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Tom Wolfe dead; 'New Journalism' pioneer and bestselling author was 88

Author and journalist Tom Wolfe at home in

Author and journalist Tom Wolfe at home in New York in 2016. Credit: AP/Bebeto Matthews

Tom Wolfe, the white-suited wizard of “New Journalism” who exuberantly chronicled American culture from the Merry Pranksters through the space race before turning his satiric wit to such novels as “The Bonfire of the Vanities,” has died. He was 88.

Wolfe’s literary agent, Lynn Nesbit, told The Associated Press that he died of an infection Monday in a New York City hospital. Further details were not immediately available. Wolfe lived in Manhattan and had a home in Southampton.

Wolfe’s hyperbolic, stylized writing was a gleeful fusillade of exclamation points, italics and improbable words. An ingenious phrase maker, he helped brand such expressions as “radical chic” for rich liberals’ fascination with revolutionaries; and the “Me” generation, defining the self-absorbed baby boomers of the 1970s. Along with Gay Talese, Truman Capote and Nora Ephron, he helped demonstrate that journalism could offer the kinds of literary pleasure found in books.

“He was an incredible writer,” Talese told the AP on Tuesday. “And you couldn’t imitate him. When people tried it was a disaster.”

Wolfe’s interests were vast, but his narratives had a common theme. Whether sending up the New York art world or hanging out with acid heads, Wolfe inevitably presented man as a status-seeking animal, concerned above all about the opinion of one’s peers. Wolfe himself dressed for company — his trademark a pale three-piece suit, impossibly high shirt collar, two-tone shoes and a silk tie.

He enjoyed the highest commercial and critical rewards. His literary honors included the American Book Award (now called the National Book Award) for “The Right Stuff” and a nomination for the National Book Critics Circle Award for “The Bonfire of the Vanities,” one of the top 10 selling books of the 1980s. Its 1998 follow-up, “A Man in Full,” was another bestseller and a National Book Award nominee.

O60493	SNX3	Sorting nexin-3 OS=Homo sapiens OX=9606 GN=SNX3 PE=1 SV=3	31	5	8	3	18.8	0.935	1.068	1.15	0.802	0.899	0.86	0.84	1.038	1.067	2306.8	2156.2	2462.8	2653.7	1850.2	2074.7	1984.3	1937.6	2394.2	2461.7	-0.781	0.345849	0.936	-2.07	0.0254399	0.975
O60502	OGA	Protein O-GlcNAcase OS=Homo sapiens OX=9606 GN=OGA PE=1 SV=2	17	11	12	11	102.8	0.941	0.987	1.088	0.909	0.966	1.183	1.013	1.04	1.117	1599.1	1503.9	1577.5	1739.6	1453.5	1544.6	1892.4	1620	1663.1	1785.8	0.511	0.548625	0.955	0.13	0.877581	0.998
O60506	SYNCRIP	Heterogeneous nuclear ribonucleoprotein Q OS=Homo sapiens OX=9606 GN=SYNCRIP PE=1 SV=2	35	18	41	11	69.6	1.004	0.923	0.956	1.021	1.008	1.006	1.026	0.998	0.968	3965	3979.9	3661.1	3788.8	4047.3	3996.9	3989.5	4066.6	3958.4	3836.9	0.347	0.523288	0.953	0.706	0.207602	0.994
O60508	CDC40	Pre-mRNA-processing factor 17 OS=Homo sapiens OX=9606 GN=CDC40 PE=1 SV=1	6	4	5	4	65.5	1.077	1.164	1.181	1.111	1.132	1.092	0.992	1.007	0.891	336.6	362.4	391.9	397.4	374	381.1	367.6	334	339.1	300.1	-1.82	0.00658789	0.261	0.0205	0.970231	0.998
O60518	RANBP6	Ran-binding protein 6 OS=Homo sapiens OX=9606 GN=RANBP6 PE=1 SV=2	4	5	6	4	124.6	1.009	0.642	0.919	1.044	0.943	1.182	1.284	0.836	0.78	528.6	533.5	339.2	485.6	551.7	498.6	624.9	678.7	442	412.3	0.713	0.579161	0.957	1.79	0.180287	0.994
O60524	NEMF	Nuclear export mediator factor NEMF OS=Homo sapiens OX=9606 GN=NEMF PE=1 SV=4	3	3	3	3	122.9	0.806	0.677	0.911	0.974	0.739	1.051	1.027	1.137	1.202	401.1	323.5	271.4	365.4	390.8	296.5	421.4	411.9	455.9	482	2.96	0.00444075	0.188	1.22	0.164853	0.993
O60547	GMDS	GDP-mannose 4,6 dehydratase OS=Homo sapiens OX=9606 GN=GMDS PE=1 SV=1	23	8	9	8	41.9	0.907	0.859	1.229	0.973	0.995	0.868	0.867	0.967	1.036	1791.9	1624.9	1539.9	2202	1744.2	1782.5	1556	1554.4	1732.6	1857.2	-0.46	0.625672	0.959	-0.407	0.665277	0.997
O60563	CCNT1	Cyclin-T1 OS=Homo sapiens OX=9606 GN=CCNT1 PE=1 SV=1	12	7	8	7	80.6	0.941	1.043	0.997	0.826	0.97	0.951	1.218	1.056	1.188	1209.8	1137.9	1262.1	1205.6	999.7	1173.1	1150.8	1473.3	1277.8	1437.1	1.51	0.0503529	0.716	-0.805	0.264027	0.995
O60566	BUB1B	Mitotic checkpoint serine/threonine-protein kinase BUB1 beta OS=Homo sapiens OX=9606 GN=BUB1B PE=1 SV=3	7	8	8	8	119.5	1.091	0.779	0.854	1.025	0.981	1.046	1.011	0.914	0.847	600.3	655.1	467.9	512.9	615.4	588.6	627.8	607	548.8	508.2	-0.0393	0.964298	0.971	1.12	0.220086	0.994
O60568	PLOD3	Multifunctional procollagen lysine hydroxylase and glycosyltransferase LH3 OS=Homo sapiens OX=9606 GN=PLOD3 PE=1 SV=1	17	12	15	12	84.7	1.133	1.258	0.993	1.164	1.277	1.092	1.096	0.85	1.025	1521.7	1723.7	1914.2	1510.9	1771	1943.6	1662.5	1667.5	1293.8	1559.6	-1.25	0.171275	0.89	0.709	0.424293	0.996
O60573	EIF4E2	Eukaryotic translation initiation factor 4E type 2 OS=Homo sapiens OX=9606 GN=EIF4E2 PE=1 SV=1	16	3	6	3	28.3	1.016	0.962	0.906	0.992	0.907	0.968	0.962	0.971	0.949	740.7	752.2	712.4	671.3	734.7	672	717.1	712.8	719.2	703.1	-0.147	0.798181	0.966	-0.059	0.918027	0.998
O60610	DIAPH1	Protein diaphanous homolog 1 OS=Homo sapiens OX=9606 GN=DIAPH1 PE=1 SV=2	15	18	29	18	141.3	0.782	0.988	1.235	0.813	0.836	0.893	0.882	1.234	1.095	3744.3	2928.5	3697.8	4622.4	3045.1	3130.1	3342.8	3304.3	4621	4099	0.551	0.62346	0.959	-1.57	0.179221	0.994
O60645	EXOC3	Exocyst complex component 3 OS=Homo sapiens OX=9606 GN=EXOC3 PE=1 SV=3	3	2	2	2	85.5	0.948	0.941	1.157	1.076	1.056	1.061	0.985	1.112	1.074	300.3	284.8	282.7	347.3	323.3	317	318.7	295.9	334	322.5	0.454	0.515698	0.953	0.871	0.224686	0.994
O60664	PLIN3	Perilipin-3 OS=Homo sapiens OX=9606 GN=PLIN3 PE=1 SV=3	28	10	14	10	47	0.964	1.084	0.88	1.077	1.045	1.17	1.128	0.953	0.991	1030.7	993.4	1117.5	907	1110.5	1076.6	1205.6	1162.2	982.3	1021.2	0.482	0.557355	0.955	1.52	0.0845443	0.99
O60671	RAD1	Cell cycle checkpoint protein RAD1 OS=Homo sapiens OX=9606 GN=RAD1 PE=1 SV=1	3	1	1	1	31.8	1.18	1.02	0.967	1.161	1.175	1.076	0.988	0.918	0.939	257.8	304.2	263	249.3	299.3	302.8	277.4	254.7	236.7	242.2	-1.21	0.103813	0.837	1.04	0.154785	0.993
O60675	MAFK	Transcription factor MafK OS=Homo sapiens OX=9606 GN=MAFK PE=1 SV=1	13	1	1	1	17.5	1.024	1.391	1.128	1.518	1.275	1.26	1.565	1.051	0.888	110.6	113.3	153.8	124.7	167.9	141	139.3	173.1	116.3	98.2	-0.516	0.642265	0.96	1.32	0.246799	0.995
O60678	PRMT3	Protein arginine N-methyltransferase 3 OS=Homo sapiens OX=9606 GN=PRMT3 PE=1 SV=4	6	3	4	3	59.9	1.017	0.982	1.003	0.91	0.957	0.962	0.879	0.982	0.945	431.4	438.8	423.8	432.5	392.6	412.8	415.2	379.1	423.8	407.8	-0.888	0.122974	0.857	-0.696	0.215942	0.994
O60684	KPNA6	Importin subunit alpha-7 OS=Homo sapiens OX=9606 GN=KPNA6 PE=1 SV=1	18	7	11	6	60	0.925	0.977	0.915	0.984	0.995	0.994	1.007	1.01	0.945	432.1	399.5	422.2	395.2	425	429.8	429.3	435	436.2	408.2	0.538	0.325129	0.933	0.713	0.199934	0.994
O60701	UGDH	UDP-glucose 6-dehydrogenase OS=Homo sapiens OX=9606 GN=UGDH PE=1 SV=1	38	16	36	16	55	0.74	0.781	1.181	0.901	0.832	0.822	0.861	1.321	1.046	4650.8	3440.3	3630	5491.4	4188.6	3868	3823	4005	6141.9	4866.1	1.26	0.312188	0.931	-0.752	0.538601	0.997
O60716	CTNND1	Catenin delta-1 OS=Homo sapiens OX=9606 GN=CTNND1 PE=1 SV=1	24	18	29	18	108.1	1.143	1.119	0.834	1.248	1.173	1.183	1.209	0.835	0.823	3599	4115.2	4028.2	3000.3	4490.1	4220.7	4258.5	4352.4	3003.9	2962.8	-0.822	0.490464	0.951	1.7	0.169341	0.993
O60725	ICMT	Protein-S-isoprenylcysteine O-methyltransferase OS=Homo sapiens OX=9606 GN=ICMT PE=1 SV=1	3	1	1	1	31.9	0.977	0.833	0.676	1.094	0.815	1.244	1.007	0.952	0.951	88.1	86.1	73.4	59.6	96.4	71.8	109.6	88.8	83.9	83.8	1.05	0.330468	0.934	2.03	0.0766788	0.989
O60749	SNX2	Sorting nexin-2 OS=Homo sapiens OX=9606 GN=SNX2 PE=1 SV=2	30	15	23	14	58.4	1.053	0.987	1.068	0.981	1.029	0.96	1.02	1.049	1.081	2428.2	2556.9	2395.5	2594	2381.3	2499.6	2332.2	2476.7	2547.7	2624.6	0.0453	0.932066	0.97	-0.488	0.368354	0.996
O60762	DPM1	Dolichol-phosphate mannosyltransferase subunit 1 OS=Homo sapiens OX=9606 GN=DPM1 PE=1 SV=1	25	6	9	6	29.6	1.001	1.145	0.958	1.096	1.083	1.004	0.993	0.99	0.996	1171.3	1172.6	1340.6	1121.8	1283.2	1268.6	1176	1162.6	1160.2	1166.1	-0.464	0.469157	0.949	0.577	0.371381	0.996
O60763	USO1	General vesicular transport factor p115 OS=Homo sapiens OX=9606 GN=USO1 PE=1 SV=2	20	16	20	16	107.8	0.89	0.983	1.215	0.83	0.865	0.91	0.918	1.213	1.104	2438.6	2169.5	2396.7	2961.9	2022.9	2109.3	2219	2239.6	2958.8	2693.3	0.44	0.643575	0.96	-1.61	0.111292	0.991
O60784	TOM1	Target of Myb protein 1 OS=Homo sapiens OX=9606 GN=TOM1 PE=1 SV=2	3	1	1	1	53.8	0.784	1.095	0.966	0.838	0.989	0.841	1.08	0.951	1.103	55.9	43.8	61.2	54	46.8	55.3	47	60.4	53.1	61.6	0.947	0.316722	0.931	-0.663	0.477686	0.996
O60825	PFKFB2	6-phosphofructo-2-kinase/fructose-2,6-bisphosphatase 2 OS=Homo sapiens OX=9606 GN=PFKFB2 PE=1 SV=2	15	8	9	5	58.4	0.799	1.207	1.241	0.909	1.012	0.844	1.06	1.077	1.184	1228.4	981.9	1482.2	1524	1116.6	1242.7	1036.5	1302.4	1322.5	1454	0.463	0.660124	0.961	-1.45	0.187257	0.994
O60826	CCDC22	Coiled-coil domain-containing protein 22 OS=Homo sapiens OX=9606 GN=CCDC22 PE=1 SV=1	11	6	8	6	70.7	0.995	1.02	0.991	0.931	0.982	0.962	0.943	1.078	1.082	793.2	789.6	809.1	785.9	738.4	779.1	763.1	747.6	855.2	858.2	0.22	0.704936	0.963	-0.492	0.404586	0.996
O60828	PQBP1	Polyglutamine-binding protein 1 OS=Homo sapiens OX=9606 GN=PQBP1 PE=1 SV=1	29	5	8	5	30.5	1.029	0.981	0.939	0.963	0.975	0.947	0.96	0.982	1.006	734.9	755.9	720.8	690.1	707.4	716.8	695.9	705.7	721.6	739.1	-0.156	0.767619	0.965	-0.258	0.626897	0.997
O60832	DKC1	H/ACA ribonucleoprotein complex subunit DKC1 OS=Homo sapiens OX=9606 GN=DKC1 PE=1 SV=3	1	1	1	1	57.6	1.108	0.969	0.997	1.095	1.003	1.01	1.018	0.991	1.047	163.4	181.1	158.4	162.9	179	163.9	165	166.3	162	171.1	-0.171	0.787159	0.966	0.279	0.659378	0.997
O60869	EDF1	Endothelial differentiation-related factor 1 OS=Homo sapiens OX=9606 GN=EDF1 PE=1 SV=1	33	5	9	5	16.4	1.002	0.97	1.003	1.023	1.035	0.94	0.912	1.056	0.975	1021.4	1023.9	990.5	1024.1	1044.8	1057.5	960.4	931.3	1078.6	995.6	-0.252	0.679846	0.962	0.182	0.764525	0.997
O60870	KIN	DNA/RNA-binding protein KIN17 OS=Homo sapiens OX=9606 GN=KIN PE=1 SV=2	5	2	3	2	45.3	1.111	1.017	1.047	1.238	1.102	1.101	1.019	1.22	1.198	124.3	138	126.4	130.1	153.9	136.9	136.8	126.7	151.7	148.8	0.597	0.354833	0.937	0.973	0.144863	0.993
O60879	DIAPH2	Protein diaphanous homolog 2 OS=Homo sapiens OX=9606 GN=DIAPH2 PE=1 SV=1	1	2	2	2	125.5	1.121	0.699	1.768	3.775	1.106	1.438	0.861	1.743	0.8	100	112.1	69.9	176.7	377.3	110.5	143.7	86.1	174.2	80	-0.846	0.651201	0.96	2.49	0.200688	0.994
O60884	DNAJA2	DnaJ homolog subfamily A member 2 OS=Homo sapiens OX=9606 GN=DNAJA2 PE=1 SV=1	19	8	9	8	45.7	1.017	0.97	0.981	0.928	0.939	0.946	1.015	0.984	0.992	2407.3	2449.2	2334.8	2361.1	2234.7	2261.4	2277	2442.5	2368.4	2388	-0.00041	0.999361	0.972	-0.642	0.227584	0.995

His first book, a collection of articles titled “The Kandy-Kolored Tangerine-Flake Streamline Baby,” included the story “Clean Fun at Riverhead,” about the Riverhead Raceway on Long Island, of which he wrote, “The demolition derby is, pure and simple, a form of gladiatorial combat for our times.” Wolfe traveled during the ‘60s with Ken Kesey and the Merry Pranksters for his book on the psychedelic culture, “The Electric Kool-Aid Acid Test.”

Wolfe had many detractors — including fellow writers Norman Mailer and John Updike and the critic James Wood, who panned Wolfe’s “big subjects, big people, and yards of flapping exaggeration.”

Thomas Kennerly Wolfe Jr. was born in Richmond, Virginia. He became co-editor of his high school newspaper before moving on to Washington and Lee University and later earning a doctorate in American studies from Yale University. In 1957, he joined the Springfield (Massachusetts) Union and instantly fell in love with journalism. By 1962 he was working at the now defunct New York Herald-Tribune, with colleagues including Jimmy Breslin.

In 1978, Wolfe married Sheila Berger, art director of Harper’s Magazine. They had two children, Alexandra and Tommy.

It wasn’t until the early ‘80s that Wolfe turned his attention to fiction. His topic: New York City in the late 20th century, a melange of sexual tension, class struggles and racial animus. “The Bonfire of the Vanities” first appeared as a serial in “Rolling Stone” magazine in 1984-85, with Wolfe writing the book one chapter at a time. When it was released as a novel in 1987, “Bonfire” became an immediate sensation even as it was criticized for its portrayal of blacks.

Later works, such as “I Am Charlotte Simmons” (2004), were not well received. But he was never without ideas for future projects.

“There are still so many things I don’t know about the city and I’d just like to see what’s out there,” he told the Aassociated Press in 2012. “The Latin American population has increased enormously since ‘Bonfire’ and Wall Street has changed enormously. I’ll follow my usual technique of just taking in a scene and seeing what happens.”


Some highlights of his literary career.


“The Kandy-Kolored Tangerine-Flake Streamline Baby” (1965)

“The Electric Kool-Aid Acid Test” (1968)

“The Right Stuff” (1979)

“Hooking Up” (2000)

“The Kingdom of Speech” (2016)


“The Bonfire of the Vanities” (1987)

“A Man in Full” (1998)

“I Am Charlotte Simmons” (2004)

“Back to Blood” (2012)

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